• Students must self identify to the CDR to request accommodations.
  • Students also must provide reasonable accommodations of their condition/disability. Colleges are not responsible for assessing or determining students' disability status or related needs. Colleges also have the right to set reasonable standards regarding the type of documentation needed / required and can further require that such documentation be current.
  • Higher education institutions, including IIT, review students' documentation and determine their disability-related needs for academic adjustments and reasonable accommodations.
  • Reasonable accommodations coordinated by the CDR for eligible students include extended time on exams, note taking services, textbooks and other materials in an alternate format, sign language interpretation, and transcription services.
  • Students are expected to follow the established procedures for receiving reasonable accommodations in order to maintain their eligibility for such accommodations.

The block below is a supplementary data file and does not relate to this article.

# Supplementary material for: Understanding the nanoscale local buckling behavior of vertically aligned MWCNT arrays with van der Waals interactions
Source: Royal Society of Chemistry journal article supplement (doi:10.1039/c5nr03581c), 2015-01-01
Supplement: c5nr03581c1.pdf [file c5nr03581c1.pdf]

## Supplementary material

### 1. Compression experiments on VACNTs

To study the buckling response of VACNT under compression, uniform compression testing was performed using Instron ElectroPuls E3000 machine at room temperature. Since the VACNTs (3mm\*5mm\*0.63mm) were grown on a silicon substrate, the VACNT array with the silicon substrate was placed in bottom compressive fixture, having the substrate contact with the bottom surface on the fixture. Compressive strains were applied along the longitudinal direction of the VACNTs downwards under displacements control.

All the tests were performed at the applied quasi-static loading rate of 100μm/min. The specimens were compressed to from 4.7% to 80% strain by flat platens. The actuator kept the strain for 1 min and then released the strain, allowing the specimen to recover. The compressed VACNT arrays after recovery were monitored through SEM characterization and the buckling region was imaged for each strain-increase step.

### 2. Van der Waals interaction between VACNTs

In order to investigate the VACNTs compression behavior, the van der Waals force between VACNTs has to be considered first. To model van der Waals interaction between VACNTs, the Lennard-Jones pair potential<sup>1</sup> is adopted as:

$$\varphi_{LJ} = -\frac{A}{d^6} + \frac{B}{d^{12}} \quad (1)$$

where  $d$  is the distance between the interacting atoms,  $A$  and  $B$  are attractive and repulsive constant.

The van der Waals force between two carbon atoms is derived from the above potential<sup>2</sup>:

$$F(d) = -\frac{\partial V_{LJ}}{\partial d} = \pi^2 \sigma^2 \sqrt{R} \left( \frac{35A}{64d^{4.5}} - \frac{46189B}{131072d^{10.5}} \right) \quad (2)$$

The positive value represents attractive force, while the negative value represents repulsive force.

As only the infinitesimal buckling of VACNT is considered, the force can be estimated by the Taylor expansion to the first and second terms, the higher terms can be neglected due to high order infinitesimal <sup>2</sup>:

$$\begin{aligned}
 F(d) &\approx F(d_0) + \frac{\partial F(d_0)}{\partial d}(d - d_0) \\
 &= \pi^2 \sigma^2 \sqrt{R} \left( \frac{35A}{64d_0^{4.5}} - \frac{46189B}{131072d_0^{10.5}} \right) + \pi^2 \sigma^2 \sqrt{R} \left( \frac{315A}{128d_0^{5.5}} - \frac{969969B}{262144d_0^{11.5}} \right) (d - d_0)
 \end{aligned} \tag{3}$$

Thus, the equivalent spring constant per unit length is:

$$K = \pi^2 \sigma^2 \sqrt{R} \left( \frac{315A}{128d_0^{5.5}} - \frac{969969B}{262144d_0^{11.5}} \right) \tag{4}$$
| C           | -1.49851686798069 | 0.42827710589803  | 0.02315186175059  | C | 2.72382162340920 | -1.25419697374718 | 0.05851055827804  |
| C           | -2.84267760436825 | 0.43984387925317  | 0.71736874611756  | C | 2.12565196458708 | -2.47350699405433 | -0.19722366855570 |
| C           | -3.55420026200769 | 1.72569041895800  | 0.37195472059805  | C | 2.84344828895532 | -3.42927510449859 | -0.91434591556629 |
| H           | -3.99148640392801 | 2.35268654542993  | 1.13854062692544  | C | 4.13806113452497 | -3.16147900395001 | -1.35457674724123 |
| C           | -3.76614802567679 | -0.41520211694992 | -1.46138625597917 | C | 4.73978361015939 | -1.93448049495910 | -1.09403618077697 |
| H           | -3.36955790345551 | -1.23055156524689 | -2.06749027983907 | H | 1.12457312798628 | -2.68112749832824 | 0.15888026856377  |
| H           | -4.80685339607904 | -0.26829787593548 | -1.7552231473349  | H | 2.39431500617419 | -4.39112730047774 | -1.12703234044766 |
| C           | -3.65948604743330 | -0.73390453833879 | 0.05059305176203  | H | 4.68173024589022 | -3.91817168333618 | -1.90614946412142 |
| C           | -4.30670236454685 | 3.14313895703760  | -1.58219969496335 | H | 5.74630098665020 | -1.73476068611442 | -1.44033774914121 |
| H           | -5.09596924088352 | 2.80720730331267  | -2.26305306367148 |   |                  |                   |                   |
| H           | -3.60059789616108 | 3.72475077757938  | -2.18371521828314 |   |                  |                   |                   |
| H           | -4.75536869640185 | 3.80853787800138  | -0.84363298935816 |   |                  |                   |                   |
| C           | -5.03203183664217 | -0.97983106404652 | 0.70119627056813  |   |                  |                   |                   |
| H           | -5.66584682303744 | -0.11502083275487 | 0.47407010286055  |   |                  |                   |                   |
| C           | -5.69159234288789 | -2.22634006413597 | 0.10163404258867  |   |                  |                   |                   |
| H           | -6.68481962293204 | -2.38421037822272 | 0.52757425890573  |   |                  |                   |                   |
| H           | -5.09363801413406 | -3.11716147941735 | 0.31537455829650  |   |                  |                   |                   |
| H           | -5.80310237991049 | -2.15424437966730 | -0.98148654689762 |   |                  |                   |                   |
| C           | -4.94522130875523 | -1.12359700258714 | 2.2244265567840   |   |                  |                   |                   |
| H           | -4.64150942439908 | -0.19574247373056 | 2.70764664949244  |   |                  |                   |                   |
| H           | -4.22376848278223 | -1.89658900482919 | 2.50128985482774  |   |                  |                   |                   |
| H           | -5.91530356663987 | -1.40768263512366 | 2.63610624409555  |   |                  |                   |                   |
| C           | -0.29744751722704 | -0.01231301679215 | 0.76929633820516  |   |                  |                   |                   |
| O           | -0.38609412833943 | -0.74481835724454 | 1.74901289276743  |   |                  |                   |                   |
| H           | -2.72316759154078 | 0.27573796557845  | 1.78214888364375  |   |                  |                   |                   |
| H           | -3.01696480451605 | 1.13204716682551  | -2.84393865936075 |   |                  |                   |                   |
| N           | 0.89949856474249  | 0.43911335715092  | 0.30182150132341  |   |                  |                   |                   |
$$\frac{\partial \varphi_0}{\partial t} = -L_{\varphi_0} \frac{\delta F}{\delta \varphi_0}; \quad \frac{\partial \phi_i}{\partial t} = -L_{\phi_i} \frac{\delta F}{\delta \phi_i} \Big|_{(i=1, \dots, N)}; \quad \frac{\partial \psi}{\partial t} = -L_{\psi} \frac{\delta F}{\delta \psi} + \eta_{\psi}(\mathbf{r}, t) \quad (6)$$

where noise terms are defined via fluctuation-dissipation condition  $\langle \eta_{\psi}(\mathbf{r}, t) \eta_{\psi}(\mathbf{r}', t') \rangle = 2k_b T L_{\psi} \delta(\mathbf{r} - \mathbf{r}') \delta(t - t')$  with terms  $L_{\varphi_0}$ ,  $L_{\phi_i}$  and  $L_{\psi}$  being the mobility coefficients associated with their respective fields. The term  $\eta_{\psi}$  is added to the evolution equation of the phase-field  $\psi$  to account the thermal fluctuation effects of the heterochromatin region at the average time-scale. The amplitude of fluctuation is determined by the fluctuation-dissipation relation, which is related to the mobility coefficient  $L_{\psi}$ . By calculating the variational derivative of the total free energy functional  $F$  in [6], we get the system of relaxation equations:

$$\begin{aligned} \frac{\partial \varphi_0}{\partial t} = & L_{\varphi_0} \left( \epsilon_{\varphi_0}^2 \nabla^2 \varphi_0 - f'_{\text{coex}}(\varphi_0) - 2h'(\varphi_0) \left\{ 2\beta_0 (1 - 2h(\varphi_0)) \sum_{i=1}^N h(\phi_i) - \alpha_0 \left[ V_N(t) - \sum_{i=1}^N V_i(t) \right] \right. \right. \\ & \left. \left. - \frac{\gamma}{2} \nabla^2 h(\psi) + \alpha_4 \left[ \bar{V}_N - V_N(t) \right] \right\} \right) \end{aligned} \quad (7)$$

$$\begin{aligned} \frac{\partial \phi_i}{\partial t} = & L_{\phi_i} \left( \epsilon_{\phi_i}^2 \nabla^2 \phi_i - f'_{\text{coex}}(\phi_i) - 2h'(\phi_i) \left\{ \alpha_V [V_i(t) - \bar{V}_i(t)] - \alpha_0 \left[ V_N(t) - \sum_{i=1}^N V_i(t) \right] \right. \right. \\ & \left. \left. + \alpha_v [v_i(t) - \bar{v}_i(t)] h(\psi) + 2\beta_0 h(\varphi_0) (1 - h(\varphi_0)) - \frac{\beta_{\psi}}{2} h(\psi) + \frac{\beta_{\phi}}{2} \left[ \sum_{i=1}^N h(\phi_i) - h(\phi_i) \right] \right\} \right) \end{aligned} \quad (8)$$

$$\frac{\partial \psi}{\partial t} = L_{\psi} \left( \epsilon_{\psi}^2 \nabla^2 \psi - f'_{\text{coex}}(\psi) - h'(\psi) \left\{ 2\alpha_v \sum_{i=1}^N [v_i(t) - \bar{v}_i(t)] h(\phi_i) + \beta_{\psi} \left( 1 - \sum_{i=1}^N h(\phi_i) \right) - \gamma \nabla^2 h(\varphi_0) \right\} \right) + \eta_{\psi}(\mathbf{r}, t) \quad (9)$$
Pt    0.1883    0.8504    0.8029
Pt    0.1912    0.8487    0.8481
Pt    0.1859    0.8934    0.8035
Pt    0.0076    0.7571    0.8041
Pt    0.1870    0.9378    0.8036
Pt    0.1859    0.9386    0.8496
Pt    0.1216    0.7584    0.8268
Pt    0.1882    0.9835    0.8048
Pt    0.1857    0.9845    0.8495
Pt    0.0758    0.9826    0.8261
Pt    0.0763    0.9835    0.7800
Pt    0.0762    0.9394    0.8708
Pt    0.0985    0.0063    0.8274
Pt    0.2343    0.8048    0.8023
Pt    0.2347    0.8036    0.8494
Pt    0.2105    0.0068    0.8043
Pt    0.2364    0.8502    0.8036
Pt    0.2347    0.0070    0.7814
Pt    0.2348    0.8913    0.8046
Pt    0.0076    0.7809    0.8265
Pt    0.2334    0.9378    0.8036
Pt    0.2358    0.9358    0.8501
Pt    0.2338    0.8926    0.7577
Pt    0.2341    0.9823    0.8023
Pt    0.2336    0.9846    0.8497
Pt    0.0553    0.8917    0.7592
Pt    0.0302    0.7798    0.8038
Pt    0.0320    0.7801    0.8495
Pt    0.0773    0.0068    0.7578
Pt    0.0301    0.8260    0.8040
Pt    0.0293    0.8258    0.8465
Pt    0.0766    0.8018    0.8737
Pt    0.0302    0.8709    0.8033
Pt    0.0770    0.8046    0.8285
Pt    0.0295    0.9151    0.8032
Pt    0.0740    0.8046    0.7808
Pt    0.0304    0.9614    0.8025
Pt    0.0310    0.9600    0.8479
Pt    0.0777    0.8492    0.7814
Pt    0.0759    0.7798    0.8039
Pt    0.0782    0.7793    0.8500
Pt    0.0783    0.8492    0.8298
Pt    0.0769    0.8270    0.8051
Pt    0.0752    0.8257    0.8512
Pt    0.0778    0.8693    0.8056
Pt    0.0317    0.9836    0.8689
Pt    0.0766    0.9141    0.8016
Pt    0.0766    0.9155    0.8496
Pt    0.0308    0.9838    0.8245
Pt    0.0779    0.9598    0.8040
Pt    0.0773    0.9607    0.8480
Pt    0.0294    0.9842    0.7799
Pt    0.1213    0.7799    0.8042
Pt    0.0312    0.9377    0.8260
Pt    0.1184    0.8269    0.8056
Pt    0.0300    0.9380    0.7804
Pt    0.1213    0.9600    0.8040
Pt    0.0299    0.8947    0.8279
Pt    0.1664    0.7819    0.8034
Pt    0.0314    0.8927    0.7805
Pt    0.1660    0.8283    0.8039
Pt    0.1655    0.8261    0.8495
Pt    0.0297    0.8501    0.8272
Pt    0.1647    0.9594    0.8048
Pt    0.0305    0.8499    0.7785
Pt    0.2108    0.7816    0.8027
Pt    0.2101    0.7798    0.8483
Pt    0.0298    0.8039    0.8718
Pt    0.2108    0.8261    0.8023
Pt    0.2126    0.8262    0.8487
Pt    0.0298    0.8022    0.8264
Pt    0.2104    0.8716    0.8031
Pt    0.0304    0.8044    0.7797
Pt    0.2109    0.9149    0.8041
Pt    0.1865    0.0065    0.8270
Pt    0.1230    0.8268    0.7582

• The CDR consults with faculty and/or students' academic programs to ensure that accommodations do not modify the fundamental nature of these programs.

Please note: Individualized services and tutoring are not considered reasonable accommodations under the Americans with Disabilities Act (ADA) and Section 504 of the Rehabilitation Act, the two laws which govern the provision of accommodations at the college level.

Additional information about the differences between high school disability services and college disability services:
Going to College - http://www.going-to-college.org/
This website is full of information for students and parents to assist with the transition from high school to college.

Transition to College - http://www.ed.gov/about/offices/list/ocr/transition.html